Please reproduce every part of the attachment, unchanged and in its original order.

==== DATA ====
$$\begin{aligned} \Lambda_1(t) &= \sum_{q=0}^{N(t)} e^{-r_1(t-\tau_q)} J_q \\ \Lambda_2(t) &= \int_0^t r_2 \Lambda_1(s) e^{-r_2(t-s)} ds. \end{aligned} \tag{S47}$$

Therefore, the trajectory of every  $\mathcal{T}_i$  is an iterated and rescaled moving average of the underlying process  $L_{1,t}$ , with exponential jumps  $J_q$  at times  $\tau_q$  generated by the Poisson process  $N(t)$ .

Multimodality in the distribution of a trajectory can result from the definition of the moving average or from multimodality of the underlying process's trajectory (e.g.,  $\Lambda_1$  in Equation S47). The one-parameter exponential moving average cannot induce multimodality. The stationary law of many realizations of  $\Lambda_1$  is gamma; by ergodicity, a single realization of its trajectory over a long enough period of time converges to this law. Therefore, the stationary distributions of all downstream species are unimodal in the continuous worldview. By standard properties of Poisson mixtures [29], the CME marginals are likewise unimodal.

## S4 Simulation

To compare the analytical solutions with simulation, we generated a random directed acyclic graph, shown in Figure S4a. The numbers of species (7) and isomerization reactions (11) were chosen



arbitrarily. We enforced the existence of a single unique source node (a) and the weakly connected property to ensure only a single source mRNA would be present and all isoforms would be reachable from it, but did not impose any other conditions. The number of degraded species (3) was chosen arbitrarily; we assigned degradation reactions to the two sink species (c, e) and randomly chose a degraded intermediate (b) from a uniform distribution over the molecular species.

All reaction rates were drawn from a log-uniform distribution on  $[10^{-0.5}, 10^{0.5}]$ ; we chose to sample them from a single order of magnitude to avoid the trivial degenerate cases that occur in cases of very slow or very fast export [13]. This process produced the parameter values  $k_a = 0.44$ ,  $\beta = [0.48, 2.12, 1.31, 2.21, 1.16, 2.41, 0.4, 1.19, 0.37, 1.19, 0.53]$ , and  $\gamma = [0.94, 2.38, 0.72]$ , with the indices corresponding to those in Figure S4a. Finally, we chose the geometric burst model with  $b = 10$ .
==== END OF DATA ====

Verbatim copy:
$$\begin{aligned} \Lambda_1(t) &= \sum_{q=0}^{N(t)} e^{-r_1(t-\tau_q)} J_q \\ \Lambda_2(t) &= \int_0^t r_2 \Lambda_1(s) e^{-r_2(t-s)} ds. \end{aligned} \tag{S47}$$

Therefore, the trajectory of every  $\mathcal{T}_i$  is an iterated and rescaled moving average of the underlying process  $L_{1,t}$ , with exponential jumps  $J_q$  at times  $\tau_q$  generated by the Poisson process  $N(t)$ .

Multimodality in the distribution of a trajectory can result from the definition of the moving average or from multimodality of the underlying process's trajectory (e.g.,  $\Lambda_1$  in Equation S47). The one-parameter exponential moving average cannot induce multimodality. The stationary law of many realizations of  $\Lambda_1$  is gamma; by ergodicity, a single realization of its trajectory over a long enough period of time converges to this law. Therefore, the stationary distributions of all downstream species are unimodal in the continuous worldview. By standard properties of Poisson mixtures [29], the CME marginals are likewise unimodal.

## S4 Simulation

To compare the analytical solutions with simulation, we generated a random directed acyclic graph, shown in Figure S4a. The numbers of species (7) and isomerization reactions (11) were chosen



arbitrarily. We enforced the existence of a single unique source node (a) and the weakly connected property to ensure only a single source mRNA would be present and all isoforms would be reachable from it, but did not impose any other conditions. The number of degraded species (3) was chosen arbitrarily; we assigned degradation reactions to the two sink species (c, e) and randomly chose a degraded intermediate (b) from a uniform distribution over the molecular species.

All reaction rates were drawn from a log-uniform distribution on  $[10^{-0.5}, 10^{0.5}]$ ; we chose to sample them from a single order of magnitude to avoid the trivial degenerate cases that occur in cases of very slow or very fast export [13]. This process produced the parameter values  $k_a = 0.44$ ,  $\beta = [0.48, 2.12, 1.31, 2.21, 1.16, 2.41, 0.4, 1.19, 0.37, 1.19, 0.53]$ , and  $\gamma = [0.94, 2.38, 0.72]$ , with the indices corresponding to those in Figure S4a. Finally, we chose the geometric burst model with  $b = 10$ .